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First Hampden Archaeological Excavations

D-DAY 1 07 June 2021


History teacher and new SGHET board member Thomas Oldham digs into the archaeological excavation at First Hampden Park and what the Archaeology Scotland volunteers are hoping to find at the old site of the world’s first international football stadium …

So, it’s day one here at First Hampden. The tension is palpable and the excitement bubbling, ahead of what is expected to be a special and historic moment for Scottish football. The away team are wearing yellow and have arrived early – though their captain appears to be running a little late – that’s Kieran (not Trippier), from Archaeology Scotland…


Kieran is a friendly and enthusiastic guy, and even has time to have a wee blether with me as we walk through the tunnel (of verdant green) towards his team (of volunteers…OK, OK, I’ll stop now)… Annoyingly he has already started answering my deep philosophical questions – he knows what idiots like me think of archaeology and is already infecting me with his enthusiasm. My inhibitions are not at all connected to the fact I’m English.

Is this the site of a fantastical early drubbing of England by Scotland (5-1) in 1882? I used to think that the English clearly built the first purpose built international football stadium somewhere in England and that we, the English, invented the passing game that we know today…but anyone here will tell you (correctly) that it was the other way around.



Quite what evidence they are hoping to find of the 5-1 drubbing I’m not sure, copious amounts of yeast from spilled celebratory pints? Huge chunks of chewed tobacco spat from  nervous English mouths? Maybe a cup?! Maybe there’s bleedin’ treasure down there! Who knows?


I am currently sitting in my loftily placed media box high in the North stand (i.e. my flat on Kingsley Avenue). As I look down, the team are now standing around in a circle (beautifully planted by volunteer gardeners David and Tahitia McCabe) and are discussing tactics and having a wee stretch. The topic of temperature drifts in the wind – it is uncharacteristically warm for a home game!

So, to ‘pitch’ out the week’s dig to you, the work will involve two plots in the beautiful Kingsley Gardens, an ultrasound scanning of the Hampden Bowls bowling green, and a dig in the trees in Queen’s Park recreation ground between the railway and skate park.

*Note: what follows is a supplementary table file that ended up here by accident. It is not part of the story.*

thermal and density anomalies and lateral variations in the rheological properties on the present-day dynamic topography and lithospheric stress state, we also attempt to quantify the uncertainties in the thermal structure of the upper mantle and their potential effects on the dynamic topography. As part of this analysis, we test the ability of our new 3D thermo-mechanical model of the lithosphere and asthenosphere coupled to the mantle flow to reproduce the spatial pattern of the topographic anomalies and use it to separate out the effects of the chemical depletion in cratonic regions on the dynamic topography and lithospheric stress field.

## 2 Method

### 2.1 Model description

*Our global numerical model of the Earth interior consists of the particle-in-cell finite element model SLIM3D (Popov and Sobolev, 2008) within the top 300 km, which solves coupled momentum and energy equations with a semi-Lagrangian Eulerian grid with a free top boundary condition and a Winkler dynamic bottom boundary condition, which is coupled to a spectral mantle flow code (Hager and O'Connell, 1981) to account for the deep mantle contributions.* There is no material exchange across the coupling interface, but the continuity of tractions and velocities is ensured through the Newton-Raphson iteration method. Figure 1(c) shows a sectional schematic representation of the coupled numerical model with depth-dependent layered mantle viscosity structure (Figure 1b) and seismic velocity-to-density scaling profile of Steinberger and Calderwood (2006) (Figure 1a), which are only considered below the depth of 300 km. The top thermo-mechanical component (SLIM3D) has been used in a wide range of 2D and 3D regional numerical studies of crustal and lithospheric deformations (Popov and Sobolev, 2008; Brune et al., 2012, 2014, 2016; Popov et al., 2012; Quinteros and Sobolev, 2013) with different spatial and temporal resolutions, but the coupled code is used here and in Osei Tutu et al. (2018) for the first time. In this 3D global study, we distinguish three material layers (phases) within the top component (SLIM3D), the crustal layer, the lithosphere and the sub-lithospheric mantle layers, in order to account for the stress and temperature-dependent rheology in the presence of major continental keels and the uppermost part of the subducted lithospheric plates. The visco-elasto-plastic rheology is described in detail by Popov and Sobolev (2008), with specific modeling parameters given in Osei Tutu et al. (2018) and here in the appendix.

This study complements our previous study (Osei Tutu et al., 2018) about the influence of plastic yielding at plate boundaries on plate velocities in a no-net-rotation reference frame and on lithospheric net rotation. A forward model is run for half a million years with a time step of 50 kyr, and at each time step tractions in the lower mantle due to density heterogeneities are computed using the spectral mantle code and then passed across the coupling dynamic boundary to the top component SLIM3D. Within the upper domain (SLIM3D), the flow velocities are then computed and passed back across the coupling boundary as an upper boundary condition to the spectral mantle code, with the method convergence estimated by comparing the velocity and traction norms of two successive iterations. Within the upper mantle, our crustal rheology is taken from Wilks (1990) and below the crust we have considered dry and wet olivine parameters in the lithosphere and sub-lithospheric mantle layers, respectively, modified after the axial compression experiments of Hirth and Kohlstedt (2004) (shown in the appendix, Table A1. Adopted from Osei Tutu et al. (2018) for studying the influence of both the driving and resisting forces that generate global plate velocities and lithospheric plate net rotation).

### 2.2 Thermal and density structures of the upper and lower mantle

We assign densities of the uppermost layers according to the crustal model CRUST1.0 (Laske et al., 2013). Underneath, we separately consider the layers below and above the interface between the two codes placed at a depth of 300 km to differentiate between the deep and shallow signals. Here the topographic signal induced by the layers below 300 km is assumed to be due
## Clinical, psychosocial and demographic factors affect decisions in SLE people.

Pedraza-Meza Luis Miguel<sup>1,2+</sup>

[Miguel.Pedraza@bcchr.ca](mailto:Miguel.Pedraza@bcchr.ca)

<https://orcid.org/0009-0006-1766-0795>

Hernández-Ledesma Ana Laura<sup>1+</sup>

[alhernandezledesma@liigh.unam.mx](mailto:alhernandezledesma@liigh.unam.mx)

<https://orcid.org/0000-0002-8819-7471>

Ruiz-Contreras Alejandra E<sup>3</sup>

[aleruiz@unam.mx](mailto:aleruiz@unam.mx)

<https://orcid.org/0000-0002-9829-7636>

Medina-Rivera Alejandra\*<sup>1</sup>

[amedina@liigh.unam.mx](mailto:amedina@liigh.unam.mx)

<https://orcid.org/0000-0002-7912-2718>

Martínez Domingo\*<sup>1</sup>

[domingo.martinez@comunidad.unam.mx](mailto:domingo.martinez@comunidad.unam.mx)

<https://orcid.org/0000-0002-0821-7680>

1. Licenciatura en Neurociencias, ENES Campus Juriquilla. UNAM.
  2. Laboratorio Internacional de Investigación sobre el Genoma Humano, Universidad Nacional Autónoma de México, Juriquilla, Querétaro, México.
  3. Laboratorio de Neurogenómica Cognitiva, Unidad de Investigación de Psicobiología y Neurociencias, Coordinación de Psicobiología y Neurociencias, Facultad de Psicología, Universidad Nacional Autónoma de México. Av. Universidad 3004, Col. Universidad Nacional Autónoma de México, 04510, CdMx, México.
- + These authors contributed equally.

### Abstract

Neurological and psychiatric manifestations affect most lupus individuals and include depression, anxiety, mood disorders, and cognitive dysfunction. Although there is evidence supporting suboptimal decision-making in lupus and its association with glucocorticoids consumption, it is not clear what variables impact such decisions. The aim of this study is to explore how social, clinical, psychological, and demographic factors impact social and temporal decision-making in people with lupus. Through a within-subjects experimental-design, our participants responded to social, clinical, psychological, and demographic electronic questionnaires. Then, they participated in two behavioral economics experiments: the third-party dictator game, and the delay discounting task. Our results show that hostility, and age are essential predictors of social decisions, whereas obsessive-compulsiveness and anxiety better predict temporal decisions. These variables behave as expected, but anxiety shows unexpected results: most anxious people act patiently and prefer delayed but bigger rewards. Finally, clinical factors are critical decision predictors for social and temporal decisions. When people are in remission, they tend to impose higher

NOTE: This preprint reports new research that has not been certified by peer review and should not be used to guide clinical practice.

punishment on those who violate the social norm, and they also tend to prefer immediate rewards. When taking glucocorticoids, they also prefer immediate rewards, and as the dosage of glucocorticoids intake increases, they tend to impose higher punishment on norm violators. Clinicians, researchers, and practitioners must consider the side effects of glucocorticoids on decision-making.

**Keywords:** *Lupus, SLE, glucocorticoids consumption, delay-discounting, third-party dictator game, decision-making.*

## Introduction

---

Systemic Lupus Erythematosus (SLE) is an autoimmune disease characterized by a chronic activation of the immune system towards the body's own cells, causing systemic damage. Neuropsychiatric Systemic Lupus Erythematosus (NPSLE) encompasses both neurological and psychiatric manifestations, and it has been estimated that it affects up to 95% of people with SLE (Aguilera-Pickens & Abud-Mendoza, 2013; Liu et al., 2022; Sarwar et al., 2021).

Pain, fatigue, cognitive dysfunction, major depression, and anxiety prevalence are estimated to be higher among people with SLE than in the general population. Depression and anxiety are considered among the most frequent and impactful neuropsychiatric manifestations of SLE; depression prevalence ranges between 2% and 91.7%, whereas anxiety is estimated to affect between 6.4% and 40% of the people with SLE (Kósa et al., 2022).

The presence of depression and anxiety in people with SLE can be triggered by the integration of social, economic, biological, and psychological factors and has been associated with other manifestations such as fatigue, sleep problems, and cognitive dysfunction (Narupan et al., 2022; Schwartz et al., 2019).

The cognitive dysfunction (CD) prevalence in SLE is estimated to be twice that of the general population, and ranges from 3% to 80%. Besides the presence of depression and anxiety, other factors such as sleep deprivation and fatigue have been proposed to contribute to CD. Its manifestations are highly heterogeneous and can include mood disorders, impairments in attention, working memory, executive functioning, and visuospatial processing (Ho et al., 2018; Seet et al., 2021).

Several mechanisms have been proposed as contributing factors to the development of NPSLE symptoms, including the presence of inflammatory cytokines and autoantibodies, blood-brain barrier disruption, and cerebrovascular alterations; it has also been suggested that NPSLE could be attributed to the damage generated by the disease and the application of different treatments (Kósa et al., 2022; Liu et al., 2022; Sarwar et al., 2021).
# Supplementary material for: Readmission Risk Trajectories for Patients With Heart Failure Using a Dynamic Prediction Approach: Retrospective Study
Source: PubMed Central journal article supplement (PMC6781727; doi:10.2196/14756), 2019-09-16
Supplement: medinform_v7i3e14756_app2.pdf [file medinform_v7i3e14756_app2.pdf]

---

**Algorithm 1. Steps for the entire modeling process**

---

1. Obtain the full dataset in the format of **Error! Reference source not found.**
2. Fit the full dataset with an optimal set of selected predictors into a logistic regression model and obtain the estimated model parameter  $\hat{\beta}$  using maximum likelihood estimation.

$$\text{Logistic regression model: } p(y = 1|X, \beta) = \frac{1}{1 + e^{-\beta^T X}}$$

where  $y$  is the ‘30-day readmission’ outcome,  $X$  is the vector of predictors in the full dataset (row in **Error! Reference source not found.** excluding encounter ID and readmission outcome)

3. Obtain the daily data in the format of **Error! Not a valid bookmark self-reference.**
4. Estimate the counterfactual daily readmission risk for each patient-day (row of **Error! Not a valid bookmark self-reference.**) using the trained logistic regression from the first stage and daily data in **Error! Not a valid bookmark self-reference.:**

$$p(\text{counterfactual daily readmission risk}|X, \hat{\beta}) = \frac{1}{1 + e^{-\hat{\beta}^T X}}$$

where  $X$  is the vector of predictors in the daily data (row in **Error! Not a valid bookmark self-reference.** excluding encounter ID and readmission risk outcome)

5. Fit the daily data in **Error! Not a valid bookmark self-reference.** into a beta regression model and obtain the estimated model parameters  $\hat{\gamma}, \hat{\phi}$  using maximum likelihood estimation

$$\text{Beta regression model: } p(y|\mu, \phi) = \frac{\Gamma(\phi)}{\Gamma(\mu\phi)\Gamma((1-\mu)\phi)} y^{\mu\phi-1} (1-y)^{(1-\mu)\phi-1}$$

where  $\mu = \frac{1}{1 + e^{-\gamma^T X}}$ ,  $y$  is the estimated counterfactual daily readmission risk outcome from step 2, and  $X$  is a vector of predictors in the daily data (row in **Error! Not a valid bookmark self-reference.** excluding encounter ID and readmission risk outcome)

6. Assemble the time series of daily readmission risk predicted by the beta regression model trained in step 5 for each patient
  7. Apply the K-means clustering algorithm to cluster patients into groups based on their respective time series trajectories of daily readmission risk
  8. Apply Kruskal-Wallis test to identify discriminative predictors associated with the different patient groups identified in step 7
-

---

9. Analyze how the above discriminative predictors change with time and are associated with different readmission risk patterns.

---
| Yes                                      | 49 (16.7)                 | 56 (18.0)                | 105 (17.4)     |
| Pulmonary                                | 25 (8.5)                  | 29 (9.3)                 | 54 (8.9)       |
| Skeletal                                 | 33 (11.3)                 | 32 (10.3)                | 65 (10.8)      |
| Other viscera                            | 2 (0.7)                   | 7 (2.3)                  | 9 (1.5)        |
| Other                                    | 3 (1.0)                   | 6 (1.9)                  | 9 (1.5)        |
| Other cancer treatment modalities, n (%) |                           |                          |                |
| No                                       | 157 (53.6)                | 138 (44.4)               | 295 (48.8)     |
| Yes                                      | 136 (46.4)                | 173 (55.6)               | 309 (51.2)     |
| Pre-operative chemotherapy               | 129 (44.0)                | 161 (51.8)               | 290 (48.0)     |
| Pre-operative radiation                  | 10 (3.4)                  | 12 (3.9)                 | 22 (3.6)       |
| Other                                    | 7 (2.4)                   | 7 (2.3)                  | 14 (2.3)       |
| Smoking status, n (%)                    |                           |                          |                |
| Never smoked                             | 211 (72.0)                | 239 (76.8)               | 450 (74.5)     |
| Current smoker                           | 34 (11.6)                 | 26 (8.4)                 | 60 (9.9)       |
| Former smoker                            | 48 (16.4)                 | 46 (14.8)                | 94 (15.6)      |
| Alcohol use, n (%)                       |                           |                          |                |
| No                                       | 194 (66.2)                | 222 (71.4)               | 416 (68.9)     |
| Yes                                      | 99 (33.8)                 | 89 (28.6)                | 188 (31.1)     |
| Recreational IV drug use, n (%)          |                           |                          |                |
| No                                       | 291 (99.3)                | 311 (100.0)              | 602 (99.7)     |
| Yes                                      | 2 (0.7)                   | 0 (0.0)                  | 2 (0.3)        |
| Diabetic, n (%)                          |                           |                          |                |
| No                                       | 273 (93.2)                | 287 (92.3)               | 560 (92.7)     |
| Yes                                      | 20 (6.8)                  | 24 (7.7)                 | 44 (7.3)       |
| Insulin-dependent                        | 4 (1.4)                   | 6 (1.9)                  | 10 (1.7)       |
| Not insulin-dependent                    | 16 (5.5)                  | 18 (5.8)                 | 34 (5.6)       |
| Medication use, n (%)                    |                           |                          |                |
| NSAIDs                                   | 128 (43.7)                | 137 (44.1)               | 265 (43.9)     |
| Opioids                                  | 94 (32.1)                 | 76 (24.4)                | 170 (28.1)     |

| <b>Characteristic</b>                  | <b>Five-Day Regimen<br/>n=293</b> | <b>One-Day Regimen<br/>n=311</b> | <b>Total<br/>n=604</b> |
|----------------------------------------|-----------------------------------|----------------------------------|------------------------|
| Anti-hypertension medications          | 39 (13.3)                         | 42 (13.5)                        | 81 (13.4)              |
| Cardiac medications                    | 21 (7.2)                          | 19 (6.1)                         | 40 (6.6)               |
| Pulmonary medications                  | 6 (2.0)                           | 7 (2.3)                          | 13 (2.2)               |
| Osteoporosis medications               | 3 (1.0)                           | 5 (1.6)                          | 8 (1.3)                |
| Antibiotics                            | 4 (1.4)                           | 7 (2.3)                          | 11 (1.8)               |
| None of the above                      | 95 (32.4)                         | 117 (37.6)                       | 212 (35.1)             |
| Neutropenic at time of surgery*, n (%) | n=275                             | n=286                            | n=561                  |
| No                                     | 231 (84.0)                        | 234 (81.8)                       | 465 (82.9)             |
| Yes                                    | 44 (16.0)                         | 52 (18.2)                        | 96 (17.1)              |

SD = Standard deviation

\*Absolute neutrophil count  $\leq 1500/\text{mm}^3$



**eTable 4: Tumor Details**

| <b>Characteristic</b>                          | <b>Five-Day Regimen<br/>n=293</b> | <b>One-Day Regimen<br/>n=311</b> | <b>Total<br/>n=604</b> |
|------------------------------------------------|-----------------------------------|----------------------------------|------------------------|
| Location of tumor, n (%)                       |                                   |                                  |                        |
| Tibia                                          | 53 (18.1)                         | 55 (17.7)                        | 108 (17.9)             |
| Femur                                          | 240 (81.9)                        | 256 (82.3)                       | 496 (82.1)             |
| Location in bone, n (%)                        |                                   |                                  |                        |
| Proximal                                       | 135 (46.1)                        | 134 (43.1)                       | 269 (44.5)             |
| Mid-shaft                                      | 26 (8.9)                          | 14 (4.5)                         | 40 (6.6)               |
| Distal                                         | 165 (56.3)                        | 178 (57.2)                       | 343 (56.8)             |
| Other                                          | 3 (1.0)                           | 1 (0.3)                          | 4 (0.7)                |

The bowling green ultrasound aims to seek out the centre spot and maybe some old pitch lines like penalty areas. The recreational ground dig aims to find evidence of the grandstand. And the rose garden dig hopes to find remains of the clubhouse.


We have maps, know roughly where all this was (before the sleepy Cathcart circle line rudely blasted its way across Southside), know what happened here, and therefore why it is such a significant site. So, why dig here? I ask.



Being an oft-harsh critic, a historian, and a history teacher who spends their life desperately drawing out explanation, explication, and justification from begrudging, opinionated teenagers, I really, really want to know why we (humanity) bother with things like this. Hopefully we will start to find some answers from this enthusiastic and open-minded bunch of (mostly volunteer – much respect!) archaeologists. It can’t just be an opportunistic moment to get coverage for the bowling club, via a tournament programme filler during Scotland’s first international tournament in a generation, can it?


As we walk and talk, Kieran excitedly says he doesn’t even know what size this pitch was, or how big the penalty areas were. No wonder Scotland won 5-1, aware of England’s ‘prowess’, they probably just put the penalty spot 30 yards up the pitch!


A little later on I catch up with the team deep in the woods of the recreation ground. I finally ask Kieran why they are here and what they hope to find. While politely ‘understanding’ my scepticism of digging for things we know about and have a clear map of, his enthusiasm for the dig is palpable and catching.

First and foremost it’s about finding things that relate to the structures he says – it would be really great to find traces of the old clubhouse, that’s the dream! That is, a piece of the foundations from what they think is the same building that now serves as clubhouse to Hampden Bowls (give or take the odd extension).

There is also talk of trying to find a piece of old turnstile – Hampden was the first ground to have had them! Kieran laughs. He’d even be chuffed with a button or two, at which point Detectorists is mentioned and, like that, a ring pull emerges from the top layer (date unkown, probably Irn Bru). Most importantly though it is about deepening that sense of place and the layered history of Southside Glasgow, something that we at SGHET also care a lot about.

Meanwhile, the team have taken the top layer off their plot and are in good spirits. So far, the artefact tray has a piece of a till (!) and a lovely old Glasgow brick from Paterson and Sons (which once stood at 522 Pollokshaws Road). After a wee chat about how to smash a till open and who might have been robbed, the brick leads the conversation. This brick correlates with others used in late 19th century Glasgow. Is it a remnant of the grandstand? Or a piece of railway construction material? Or just a random old brick? Whatever it’s from, a locally made 19th century brick seems a fitting first find to start this session of industrial archaeology.


You can find out more about Scottish brickmaking here and more about Archaeology Scotland’s excavations at First Hampden here.


By Thomas Oldham, SGHET Board Member.

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